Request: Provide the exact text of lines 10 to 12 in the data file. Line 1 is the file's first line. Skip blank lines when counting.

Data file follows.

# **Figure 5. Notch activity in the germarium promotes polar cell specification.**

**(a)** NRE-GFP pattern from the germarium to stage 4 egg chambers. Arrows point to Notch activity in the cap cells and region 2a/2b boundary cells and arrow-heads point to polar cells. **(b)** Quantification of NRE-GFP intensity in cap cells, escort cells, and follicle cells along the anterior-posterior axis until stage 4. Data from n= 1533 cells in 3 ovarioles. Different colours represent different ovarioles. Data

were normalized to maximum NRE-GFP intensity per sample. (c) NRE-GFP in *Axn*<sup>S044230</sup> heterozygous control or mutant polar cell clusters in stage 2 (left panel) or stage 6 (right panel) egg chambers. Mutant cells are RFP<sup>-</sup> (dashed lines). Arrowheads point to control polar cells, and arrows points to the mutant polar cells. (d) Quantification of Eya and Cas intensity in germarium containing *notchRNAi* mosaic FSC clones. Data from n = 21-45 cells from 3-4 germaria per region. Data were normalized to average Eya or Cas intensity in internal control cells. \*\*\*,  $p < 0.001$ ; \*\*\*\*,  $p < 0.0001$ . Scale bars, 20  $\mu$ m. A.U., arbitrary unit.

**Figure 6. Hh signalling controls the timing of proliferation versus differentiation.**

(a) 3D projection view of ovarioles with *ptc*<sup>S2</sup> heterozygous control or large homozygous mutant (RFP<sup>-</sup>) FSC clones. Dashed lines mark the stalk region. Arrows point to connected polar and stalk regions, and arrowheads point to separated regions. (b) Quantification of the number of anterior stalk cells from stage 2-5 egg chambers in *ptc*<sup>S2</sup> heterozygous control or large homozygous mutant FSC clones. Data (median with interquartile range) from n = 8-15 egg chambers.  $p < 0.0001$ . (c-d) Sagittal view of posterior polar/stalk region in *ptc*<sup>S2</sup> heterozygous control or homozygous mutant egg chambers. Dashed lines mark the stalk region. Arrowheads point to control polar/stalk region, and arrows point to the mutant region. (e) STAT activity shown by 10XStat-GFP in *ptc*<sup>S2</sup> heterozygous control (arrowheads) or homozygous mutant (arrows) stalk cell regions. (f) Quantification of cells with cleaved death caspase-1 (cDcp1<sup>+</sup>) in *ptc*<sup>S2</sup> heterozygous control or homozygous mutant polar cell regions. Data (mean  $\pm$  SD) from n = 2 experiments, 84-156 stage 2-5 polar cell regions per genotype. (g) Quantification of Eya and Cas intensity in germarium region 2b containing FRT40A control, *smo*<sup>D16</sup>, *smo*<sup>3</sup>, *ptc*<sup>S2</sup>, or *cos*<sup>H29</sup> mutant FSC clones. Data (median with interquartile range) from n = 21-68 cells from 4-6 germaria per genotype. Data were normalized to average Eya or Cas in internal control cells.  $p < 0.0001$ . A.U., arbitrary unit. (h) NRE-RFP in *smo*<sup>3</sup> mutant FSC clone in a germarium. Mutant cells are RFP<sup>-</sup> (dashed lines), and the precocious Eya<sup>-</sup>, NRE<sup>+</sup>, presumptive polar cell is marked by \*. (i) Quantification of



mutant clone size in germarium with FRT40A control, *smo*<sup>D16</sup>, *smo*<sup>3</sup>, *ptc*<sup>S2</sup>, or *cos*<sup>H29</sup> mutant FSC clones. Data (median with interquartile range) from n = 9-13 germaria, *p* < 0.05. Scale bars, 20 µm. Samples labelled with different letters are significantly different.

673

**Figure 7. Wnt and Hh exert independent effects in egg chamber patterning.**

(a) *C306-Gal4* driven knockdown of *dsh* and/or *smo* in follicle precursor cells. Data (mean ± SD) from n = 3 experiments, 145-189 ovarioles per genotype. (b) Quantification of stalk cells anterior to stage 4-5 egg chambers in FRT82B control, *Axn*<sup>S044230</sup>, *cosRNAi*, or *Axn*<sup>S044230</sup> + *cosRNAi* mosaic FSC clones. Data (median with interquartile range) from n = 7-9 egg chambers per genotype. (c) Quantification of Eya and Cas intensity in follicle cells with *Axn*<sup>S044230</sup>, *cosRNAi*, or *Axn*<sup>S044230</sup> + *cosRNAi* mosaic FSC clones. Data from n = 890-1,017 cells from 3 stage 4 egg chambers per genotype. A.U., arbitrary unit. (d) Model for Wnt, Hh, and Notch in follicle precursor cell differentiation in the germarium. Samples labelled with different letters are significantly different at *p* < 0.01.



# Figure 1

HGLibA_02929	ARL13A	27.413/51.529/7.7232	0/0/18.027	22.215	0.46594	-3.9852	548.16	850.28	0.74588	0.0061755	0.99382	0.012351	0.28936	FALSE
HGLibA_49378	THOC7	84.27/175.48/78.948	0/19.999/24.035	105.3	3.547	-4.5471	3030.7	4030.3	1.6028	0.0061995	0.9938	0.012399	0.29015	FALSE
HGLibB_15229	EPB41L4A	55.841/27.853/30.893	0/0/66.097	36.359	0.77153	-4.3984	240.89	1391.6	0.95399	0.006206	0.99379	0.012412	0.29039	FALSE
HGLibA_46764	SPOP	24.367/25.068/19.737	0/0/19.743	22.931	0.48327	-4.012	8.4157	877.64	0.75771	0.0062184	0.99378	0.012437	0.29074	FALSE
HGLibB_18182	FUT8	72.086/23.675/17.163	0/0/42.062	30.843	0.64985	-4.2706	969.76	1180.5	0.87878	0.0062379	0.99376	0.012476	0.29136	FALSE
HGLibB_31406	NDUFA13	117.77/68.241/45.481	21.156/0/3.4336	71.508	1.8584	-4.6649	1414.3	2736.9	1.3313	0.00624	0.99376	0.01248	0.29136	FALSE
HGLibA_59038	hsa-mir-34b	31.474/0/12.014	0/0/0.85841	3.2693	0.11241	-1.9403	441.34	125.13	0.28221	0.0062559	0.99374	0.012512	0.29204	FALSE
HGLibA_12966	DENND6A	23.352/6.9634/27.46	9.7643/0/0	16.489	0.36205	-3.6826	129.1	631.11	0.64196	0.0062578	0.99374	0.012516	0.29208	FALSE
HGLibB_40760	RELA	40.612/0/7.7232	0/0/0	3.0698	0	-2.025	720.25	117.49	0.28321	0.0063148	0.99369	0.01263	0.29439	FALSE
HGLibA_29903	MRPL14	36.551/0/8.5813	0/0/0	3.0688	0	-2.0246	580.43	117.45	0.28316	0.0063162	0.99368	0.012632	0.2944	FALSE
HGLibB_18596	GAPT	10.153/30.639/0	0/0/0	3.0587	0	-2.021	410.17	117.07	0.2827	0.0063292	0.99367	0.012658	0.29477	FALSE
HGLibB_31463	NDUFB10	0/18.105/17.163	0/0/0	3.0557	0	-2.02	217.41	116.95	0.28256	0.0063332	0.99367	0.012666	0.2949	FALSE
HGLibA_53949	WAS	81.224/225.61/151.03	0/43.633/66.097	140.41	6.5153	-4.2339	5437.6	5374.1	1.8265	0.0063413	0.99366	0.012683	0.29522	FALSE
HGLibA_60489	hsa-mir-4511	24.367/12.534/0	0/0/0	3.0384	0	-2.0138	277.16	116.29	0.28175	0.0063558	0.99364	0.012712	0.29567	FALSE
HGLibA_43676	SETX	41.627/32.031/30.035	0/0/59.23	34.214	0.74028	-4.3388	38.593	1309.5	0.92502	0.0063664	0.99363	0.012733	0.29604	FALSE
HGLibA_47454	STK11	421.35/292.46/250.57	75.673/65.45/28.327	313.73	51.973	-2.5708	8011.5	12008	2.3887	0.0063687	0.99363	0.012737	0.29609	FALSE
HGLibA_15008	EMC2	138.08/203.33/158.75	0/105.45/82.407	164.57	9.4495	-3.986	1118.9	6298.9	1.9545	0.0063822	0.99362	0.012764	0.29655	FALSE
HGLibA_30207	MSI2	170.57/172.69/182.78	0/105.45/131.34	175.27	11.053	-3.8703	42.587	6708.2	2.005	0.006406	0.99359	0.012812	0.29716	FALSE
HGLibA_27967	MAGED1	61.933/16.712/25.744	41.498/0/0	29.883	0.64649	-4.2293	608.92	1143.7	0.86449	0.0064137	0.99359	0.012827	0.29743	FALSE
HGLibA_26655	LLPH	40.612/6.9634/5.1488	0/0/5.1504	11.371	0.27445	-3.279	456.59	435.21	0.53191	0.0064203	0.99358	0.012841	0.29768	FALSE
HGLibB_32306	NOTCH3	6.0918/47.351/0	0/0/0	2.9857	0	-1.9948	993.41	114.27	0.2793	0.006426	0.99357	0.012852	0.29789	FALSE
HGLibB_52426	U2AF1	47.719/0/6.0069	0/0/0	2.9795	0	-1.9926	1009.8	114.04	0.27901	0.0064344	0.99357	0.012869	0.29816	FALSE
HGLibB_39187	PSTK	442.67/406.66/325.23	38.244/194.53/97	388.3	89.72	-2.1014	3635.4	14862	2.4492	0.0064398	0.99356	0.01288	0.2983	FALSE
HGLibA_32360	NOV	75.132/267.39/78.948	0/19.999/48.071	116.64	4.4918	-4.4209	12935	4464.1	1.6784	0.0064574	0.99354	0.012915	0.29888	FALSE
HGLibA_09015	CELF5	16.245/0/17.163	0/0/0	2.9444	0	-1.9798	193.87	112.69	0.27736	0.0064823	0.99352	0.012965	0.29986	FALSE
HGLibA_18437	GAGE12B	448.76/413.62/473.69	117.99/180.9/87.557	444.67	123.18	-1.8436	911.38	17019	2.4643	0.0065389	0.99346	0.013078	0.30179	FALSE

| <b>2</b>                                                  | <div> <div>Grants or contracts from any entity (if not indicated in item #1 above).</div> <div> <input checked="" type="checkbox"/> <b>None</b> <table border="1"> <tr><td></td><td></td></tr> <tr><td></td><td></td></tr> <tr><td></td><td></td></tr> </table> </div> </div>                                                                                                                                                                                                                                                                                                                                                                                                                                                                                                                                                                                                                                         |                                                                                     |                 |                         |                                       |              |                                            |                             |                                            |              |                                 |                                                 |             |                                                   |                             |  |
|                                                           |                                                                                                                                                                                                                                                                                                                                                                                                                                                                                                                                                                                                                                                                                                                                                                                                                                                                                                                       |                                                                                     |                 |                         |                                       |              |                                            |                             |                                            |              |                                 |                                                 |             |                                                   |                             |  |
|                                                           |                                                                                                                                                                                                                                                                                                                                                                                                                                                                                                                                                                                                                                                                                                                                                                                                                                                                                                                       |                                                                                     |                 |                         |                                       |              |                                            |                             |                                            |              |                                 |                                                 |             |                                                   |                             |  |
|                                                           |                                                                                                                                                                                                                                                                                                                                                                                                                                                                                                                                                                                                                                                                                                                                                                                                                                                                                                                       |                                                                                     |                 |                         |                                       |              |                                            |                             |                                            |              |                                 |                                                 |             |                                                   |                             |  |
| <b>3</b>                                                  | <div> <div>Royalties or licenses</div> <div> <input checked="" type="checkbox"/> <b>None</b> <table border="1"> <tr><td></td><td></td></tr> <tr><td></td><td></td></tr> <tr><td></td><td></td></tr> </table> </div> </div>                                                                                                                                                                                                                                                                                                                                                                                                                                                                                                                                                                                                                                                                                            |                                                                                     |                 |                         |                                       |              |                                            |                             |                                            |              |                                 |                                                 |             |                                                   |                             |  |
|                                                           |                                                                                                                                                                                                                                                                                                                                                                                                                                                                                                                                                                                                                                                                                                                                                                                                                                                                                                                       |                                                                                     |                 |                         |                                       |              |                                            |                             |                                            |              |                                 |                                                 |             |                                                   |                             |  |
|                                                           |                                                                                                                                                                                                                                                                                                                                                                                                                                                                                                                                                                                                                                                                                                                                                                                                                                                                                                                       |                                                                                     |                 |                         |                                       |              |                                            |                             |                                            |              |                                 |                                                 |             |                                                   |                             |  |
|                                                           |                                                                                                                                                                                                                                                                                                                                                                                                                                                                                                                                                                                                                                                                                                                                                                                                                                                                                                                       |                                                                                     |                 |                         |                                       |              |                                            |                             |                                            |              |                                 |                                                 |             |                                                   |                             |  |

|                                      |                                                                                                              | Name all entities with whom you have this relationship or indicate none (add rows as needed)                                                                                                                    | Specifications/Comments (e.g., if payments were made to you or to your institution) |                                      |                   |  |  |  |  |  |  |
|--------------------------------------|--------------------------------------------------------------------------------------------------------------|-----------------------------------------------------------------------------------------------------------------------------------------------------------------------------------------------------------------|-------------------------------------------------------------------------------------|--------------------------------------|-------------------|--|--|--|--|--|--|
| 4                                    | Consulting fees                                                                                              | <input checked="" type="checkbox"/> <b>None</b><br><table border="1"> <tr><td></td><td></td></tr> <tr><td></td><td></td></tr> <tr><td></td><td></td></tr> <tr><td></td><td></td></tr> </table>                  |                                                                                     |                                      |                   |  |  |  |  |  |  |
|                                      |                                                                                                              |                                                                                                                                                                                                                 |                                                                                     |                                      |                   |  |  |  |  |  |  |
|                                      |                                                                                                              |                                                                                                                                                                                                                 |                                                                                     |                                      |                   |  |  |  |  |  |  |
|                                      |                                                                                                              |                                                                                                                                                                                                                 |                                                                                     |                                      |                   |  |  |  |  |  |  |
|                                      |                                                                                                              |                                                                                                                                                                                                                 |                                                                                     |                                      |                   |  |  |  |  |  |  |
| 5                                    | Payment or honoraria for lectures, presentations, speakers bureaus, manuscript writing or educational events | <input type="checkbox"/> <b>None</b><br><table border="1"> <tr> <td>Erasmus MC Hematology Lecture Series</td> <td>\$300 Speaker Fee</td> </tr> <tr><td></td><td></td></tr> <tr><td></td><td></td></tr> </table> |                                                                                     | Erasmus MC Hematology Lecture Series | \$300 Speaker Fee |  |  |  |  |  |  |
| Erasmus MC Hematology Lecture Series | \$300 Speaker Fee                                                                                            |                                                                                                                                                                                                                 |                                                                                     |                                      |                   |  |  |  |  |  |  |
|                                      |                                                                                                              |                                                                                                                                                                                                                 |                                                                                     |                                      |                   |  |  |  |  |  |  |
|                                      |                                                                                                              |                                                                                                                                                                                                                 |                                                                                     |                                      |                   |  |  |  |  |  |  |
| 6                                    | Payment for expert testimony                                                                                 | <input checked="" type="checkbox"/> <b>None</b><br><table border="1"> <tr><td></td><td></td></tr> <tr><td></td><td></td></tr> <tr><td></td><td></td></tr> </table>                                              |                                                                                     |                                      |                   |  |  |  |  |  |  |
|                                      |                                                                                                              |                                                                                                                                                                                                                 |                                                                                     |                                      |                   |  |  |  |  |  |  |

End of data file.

# Figure 1

HGLibA_02929	ARL13A	27.413/51.529/7.7232	0/0/18.027	22.215	0.46594	-3.9852	548.16	850.28	0.74588	0.0061755	0.99382	0.012351	0.28936	FALSE
HGLibA_49378	THOC7	84.27/175.48/78.948	0/19.999/24.035	105.3	3.547	-4.5471	3030.7	4030.3	1.6028	0.0061995	0.9938	0.012399	0.29015	FALSE